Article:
The White House Situation Room put out calls to President Clinton's top national security aides at 6:30 yesterday morning, reporting what sounded like an implausible development: News reports from Belgrade said the Yugoslav government had agreed to NATO demands for a settlement in Kosovo.

The president and his senior advisers spent the next several hours calling officials in Europe, poring over wire reports and asking different versions of the same question: What's the catch?

It was not until early afternoon that White House officials said another possibility began -- slowly, tentatively, incredulously -- sinking in. Maybe there is no catch.

The watchword, voiced by Clinton and everyone on down, was caution. Yugoslav President Slobodan Milosevic, they said, has broken too many previous pledges for them to put faith in his latest professions about peace.

While these public statements of wariness seemed entirely genuine, they mingled with other sentiments voiced only privately by Clinton's team. There was astonishment at how quickly the endgame of the 72-day war in the Balkans had arrived. And there was vast relief at how Clinton had apparently survived yet another harrowing walk across the high wire.

"There's no point in pretending," said one senior White House official, acknowledging surprise at how suddenly Milosevic had apparently folded his hand. This official, like many colleagues, had guessed that "Milosevic was going to go part of the way" toward meeting NATO's demands -- then stop and see if he could divide the alliance.

This scenario, according to several senior officials interviewed yesterday, seemed as likely as not on Wednesday evening. Deputy Secretary of State Strobe Talbott that night offered a decidedly neutral assessment of the state of diplomatic activity in a phone call from Bonn to White House deputy national security adviser James B. Steinberg. Talbott, who was in touch with the mission led by Russian envoy Viktor Chernomyrdin and Finnish President Martti Ahtisaari, said Milosevic had tried to begin a negotiation about NATO's terms but was turned down by the delegation.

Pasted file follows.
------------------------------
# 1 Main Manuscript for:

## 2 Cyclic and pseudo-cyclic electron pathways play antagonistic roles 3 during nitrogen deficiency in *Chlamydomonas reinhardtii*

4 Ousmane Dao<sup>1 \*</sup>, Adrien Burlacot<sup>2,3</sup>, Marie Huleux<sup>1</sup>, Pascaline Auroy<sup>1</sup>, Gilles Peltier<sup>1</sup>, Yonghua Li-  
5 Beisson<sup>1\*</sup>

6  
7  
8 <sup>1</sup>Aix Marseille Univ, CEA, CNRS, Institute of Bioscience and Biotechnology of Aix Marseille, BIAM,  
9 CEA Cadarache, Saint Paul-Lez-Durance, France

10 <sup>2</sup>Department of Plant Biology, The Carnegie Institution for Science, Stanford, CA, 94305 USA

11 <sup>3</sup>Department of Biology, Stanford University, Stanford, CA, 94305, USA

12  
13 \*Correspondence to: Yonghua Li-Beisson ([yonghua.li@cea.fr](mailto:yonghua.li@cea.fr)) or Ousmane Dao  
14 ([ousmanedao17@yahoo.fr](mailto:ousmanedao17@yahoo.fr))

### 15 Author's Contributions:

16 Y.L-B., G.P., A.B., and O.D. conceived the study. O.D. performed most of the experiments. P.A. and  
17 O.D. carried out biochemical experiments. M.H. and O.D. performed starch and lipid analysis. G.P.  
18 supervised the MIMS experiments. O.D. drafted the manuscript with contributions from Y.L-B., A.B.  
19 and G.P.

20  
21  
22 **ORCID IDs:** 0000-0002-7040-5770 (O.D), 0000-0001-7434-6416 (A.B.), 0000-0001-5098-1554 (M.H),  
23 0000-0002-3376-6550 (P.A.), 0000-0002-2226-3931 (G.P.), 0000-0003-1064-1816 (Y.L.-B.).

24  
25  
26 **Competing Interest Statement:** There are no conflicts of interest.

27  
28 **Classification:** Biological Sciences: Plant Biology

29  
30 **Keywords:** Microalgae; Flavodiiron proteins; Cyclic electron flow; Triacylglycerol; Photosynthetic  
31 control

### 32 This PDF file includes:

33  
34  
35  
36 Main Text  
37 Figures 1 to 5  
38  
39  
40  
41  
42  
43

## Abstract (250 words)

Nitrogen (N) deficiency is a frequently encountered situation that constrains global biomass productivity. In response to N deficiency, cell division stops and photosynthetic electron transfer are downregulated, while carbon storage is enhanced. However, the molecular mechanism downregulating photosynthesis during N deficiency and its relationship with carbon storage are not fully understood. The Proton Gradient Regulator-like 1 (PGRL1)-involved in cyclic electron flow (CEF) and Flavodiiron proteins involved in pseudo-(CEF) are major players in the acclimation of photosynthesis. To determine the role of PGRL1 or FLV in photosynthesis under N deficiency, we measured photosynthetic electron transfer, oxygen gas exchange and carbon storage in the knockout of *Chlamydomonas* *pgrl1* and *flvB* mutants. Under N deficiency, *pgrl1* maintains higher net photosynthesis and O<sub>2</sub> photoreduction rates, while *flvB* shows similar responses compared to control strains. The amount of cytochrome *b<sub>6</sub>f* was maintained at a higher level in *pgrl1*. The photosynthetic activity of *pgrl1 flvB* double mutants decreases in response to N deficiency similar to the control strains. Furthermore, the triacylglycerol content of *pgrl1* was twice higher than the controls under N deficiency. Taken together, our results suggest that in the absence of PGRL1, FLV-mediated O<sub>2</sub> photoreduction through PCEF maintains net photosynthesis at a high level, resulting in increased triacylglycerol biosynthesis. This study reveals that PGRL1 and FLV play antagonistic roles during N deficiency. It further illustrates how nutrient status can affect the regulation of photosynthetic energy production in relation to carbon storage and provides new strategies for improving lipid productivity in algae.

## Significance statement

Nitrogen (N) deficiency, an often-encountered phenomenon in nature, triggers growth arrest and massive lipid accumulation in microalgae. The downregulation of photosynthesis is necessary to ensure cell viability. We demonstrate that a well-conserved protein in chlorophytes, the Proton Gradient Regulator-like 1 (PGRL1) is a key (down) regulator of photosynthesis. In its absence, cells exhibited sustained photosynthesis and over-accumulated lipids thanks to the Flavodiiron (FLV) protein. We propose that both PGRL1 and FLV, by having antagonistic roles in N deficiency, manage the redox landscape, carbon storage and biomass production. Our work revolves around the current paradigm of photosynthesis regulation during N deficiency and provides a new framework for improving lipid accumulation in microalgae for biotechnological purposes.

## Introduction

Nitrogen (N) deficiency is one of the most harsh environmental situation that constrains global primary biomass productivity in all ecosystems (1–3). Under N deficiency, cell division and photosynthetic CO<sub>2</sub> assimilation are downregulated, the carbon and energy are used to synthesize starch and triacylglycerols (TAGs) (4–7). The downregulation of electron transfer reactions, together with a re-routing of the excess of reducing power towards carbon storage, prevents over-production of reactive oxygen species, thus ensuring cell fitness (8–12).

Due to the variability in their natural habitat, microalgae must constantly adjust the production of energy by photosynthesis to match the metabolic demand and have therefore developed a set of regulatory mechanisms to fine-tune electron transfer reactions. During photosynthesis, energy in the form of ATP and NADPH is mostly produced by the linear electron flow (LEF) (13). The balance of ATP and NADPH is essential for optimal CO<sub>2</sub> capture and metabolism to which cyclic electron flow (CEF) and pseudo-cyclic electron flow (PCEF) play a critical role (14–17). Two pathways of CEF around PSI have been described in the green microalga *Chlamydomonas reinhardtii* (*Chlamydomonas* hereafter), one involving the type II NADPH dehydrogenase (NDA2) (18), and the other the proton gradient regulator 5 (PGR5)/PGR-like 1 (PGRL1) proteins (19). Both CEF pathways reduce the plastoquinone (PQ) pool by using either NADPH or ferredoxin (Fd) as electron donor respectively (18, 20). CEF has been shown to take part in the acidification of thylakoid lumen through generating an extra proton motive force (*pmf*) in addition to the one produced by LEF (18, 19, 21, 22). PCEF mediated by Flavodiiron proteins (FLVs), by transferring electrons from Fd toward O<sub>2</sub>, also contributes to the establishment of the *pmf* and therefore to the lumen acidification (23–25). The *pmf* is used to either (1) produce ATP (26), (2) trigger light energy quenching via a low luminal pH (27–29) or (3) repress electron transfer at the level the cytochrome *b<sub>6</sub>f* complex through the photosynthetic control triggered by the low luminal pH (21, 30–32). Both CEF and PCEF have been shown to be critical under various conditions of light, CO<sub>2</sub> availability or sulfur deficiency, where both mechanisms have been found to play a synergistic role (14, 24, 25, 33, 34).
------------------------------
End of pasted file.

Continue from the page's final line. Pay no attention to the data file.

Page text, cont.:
Clinton and his national security team went to bed uncertain what to expect next. When the morning news reported that the Serbian parliament had accepted NATO's terms, there was a hastily arranged phone call among national security adviser Samuel R. "Sandy" Berger, Secretary of State Madeleine K. Albright and Defense Secretary William S. Cohen. Berger called Clinton about 7:30 a.m.

Wariness predominated. Maj. Gen. Donald Kerrick, the number three official at the National Security Council, urged White House staff members at an 8 a.m. meeting not to leap to conclusions about peace being at hand. It was not until early afternoon that assessments brightened. Clinton spoke by phone with Talbott, who by this time had met in person with Ahtisaari, and received assurances that Milosevic had indeed pledged to accept the NATO terms.